As a young college student, I (Brian Oram) worked with the Susquehanna River Tri-State Association to develop and implement a “stream monitoring” or “stream watch program.” This program included basic training related to the water cycle, pathways for pollution migration, hydrology, water quality, water testing, and field safety. During the training, one citizen coined the phrase: it is simple, we should care about the stream, because “We ALL Live Downstream.” The River Watch program partnered college students with community volunteers. Most of the community volunteers were retired seniors with a diverse background in business, industry, and NGO’s. During the initial stage of the project, the citizens reported that they got involved with the program to “Protect The Environment,” to “Find Illegal Discharges,” to “Check the Local Sewage Treatment Plant,” to “Get Rid of the Red Water” and “Sulfur Smell,” and to “Protect the Fishery.” The citizens were mostly focused on finding illegal point-source discharges, finding acid mine drainage, and in improving stream “health” to maintain the fishery, but few really understood what or how the stream and watershed functioned. Many of the citizens were unaware of the importance and role of non-point-source pollution or how surface water and groundwater are connected and the importance of maintaining groundwater recharge to help to maintain the thermal quality and water quality of the stream network.
During the period from 1984 to 2011, we actively worked with citizens, environmental groups, landowners, and local colleges and universities to implement an effective “Citizen-Science-based Environmental Monitoring Program” and in 2009 we started the Citizen Groundwater and Surface Water Database to compile certified laboratory data that was being developed during the initial stages of natural gas development in Pennsylvania. Since 1984, the monitoring tools and methods have changed, but the training process for the “citizen scientist” has always been about developing critical thinking skills, helping to build connections, and properly educating and informing the citizen scientist. Over the past 30 years, the environmental monitoring equipment has evolved from bulky field laboratory equipment with significant laboratory support to small more technologically advanced multiple-parameter sensors that require laboratory support to maintain quality control. The term “Boots on the Ground” tends to be used to mean, in this context, ‘troops’ on the ground in water. During this time period, we had a rise of the "Social Justice Environmental Scientist.” I am not a fan of this approach and terminology because it mixes fact-based science with feelings and ideologies. This mixture tends to cause the scientific method to get a bit too flexible.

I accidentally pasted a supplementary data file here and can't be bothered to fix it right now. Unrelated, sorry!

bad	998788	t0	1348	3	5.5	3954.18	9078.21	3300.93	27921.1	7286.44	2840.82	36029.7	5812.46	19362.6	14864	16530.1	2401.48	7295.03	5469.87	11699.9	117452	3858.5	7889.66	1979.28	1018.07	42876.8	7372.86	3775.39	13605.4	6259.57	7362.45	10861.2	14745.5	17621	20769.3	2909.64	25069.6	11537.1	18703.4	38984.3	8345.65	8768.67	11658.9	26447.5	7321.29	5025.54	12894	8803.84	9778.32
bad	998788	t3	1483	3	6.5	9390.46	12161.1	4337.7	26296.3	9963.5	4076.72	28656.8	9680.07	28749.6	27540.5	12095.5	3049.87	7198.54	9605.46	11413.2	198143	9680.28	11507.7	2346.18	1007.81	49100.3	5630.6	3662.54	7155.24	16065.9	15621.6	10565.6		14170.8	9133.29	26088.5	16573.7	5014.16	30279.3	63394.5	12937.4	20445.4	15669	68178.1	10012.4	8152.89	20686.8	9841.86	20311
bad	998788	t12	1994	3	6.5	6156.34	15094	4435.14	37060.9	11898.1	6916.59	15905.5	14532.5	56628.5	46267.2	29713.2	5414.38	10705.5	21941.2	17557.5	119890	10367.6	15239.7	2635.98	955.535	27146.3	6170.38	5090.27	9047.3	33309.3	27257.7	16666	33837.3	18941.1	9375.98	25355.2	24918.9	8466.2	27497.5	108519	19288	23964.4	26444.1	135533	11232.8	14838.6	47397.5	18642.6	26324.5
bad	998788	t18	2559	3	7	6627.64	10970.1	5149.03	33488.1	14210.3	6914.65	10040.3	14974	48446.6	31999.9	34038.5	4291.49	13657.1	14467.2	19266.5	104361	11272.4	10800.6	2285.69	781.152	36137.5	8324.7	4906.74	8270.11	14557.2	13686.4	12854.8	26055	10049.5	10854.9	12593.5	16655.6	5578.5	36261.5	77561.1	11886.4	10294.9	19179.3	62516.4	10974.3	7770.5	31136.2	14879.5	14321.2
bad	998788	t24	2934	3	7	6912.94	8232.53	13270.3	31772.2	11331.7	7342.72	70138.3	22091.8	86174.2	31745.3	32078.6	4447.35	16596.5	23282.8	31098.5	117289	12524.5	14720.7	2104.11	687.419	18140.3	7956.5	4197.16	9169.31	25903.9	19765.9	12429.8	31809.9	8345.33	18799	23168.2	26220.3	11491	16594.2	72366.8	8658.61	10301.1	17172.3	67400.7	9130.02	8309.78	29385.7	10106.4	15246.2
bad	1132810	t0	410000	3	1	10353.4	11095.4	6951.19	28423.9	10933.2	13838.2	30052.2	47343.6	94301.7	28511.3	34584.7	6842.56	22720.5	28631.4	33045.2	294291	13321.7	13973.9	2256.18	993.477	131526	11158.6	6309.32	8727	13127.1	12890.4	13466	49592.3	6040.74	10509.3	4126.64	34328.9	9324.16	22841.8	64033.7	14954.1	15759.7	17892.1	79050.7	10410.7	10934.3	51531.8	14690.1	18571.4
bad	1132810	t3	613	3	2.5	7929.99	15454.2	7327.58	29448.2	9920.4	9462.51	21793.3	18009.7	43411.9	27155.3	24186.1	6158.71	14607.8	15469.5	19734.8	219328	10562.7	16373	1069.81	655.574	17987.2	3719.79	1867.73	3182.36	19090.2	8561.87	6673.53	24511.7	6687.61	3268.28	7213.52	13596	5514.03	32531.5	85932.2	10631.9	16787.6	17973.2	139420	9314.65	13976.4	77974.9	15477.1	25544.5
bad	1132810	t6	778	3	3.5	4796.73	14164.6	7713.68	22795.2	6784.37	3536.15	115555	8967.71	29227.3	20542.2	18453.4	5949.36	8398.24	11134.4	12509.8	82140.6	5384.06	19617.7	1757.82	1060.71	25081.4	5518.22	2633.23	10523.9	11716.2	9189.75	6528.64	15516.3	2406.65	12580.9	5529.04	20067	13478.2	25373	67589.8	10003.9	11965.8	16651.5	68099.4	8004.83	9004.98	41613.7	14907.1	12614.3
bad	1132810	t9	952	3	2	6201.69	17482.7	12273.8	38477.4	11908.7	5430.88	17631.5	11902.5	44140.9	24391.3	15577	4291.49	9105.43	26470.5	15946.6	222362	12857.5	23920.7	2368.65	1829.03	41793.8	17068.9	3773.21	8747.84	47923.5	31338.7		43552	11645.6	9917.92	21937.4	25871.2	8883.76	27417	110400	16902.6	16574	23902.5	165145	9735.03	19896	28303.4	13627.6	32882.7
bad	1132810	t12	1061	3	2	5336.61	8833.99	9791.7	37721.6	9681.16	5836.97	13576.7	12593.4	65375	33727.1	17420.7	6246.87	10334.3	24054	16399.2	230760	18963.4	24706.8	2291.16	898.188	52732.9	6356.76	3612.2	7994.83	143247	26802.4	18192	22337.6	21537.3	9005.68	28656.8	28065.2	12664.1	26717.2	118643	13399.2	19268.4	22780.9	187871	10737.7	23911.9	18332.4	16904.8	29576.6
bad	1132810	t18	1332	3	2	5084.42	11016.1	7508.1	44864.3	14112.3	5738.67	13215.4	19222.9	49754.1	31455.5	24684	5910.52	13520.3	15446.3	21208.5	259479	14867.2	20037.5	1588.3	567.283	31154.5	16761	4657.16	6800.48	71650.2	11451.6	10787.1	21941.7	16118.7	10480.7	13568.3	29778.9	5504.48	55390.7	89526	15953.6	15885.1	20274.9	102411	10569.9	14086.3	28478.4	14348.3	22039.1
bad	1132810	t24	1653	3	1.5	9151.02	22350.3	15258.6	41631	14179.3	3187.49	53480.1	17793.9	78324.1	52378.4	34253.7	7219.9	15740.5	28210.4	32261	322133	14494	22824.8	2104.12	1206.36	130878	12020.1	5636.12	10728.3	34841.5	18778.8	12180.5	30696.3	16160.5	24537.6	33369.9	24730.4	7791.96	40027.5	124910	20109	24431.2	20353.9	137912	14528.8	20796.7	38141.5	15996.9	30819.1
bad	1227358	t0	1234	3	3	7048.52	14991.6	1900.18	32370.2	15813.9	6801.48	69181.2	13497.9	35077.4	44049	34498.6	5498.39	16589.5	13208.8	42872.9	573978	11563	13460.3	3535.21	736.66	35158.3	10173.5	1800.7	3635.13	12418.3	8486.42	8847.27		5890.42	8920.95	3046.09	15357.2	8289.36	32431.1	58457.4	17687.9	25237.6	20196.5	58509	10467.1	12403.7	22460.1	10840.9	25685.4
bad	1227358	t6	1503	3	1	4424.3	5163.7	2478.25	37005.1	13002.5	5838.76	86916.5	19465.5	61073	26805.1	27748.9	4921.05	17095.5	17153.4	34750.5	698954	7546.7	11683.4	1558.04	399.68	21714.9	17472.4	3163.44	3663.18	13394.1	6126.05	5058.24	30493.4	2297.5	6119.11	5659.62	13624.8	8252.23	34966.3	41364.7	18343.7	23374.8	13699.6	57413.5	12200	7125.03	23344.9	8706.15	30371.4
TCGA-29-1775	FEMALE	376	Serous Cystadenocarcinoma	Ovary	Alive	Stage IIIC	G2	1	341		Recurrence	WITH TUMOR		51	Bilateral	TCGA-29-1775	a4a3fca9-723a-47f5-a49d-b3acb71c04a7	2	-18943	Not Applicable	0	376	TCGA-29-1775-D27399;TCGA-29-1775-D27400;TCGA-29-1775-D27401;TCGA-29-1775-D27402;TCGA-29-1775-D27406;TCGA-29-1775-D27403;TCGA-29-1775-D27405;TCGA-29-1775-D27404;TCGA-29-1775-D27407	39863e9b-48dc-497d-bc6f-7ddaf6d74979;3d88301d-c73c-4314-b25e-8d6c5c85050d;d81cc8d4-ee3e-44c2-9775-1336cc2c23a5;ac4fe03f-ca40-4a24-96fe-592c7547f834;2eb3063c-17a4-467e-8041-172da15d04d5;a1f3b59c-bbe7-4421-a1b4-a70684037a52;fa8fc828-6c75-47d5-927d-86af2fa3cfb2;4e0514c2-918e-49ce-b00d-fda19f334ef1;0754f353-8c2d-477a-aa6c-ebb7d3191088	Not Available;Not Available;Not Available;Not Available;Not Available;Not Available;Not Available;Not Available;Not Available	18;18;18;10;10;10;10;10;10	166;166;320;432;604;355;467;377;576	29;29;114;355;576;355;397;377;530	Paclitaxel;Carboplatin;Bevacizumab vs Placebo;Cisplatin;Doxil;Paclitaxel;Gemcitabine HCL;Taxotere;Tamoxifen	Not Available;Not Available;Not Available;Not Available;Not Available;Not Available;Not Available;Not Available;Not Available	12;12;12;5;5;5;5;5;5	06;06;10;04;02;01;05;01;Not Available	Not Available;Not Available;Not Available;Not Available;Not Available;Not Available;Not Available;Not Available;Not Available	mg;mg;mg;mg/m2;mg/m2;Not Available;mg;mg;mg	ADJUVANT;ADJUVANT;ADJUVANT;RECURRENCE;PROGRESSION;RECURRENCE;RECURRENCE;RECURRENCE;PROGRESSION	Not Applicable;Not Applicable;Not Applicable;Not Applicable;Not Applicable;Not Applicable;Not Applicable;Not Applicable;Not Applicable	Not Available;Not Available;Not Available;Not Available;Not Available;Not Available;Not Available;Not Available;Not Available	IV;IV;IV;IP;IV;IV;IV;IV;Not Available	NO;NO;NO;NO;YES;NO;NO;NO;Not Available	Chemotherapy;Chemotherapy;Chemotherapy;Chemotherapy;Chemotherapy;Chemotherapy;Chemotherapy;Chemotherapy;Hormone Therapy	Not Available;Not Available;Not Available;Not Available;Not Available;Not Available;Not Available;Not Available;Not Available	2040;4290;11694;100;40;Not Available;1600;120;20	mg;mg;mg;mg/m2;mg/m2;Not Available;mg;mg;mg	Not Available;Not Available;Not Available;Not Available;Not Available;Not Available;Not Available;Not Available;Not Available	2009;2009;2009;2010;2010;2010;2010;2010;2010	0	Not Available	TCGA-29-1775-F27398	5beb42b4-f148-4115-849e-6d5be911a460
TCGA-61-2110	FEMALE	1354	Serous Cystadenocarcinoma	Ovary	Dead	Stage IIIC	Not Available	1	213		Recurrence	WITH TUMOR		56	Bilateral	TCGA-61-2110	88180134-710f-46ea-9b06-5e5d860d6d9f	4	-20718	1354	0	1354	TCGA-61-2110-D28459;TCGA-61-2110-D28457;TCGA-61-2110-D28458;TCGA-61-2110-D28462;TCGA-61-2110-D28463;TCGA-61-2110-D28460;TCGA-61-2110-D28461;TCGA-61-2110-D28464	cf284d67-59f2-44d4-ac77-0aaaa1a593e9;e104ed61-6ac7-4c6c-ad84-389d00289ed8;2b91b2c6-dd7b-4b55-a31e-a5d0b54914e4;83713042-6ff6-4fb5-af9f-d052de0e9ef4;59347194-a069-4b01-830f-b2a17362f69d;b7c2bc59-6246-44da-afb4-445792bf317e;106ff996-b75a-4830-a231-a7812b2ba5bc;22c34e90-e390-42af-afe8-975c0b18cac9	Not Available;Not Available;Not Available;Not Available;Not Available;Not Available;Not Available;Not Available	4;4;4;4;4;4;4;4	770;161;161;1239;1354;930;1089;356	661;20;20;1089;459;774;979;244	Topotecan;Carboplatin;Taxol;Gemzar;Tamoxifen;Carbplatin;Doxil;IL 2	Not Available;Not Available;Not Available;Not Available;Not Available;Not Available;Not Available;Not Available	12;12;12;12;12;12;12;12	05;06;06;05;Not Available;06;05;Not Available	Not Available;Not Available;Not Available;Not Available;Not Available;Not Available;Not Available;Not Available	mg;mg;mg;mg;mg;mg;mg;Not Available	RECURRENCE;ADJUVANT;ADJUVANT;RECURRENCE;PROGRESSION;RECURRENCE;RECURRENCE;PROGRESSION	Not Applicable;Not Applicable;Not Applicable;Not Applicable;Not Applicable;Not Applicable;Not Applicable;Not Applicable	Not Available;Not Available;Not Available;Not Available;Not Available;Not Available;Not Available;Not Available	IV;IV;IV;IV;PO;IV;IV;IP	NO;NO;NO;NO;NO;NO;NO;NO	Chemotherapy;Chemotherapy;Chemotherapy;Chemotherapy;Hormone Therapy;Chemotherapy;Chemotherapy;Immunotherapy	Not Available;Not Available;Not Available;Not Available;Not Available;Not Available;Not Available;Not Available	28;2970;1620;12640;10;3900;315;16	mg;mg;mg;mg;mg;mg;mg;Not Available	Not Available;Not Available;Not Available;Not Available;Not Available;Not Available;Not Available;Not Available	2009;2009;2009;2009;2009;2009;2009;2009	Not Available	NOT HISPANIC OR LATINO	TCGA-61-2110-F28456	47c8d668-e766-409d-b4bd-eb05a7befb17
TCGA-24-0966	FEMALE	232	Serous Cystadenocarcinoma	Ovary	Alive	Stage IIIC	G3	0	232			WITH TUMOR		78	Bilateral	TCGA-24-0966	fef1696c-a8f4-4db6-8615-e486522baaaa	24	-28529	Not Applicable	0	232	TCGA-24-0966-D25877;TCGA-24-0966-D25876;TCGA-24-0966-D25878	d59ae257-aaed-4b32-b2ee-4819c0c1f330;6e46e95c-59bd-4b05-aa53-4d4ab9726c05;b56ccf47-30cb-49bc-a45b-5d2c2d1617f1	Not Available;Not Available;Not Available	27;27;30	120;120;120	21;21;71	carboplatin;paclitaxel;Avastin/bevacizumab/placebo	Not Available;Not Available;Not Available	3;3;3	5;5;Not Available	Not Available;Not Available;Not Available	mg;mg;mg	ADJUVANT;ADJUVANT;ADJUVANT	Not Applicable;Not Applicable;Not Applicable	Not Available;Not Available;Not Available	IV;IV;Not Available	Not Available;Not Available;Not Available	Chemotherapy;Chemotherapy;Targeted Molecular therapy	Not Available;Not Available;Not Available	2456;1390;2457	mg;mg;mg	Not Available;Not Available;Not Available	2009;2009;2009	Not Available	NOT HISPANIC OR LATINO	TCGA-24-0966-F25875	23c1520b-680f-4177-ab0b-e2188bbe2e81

We need "Boots on the Ground" - This is not about war, but the “Citizen Scientist.” The "Citizen Scientist" is a properly trained, equipped, and informed citizen who is a significant field asset and human sensor to help protect the environment and human health. Even today, the most effective sensors are the human eyes, ears, and nose and a thinking brain with a pair of boots on the ground. The development and deployment of affordable real-time sensors with data-logging capacity is now expanding the citizen’s role to not just be a pair of eyes in the field, but to also have the ability to track water quality and environmental changes spatially and temporally. If you are going to be a "Citizen Scientist,” I would strongly suggest you act as a fact-based professional who uses the scientific method and, if possible, who tries to put a given ideology to the side and to go with the facts, the data, and the information. The public is best served when they get the facts and not the fear.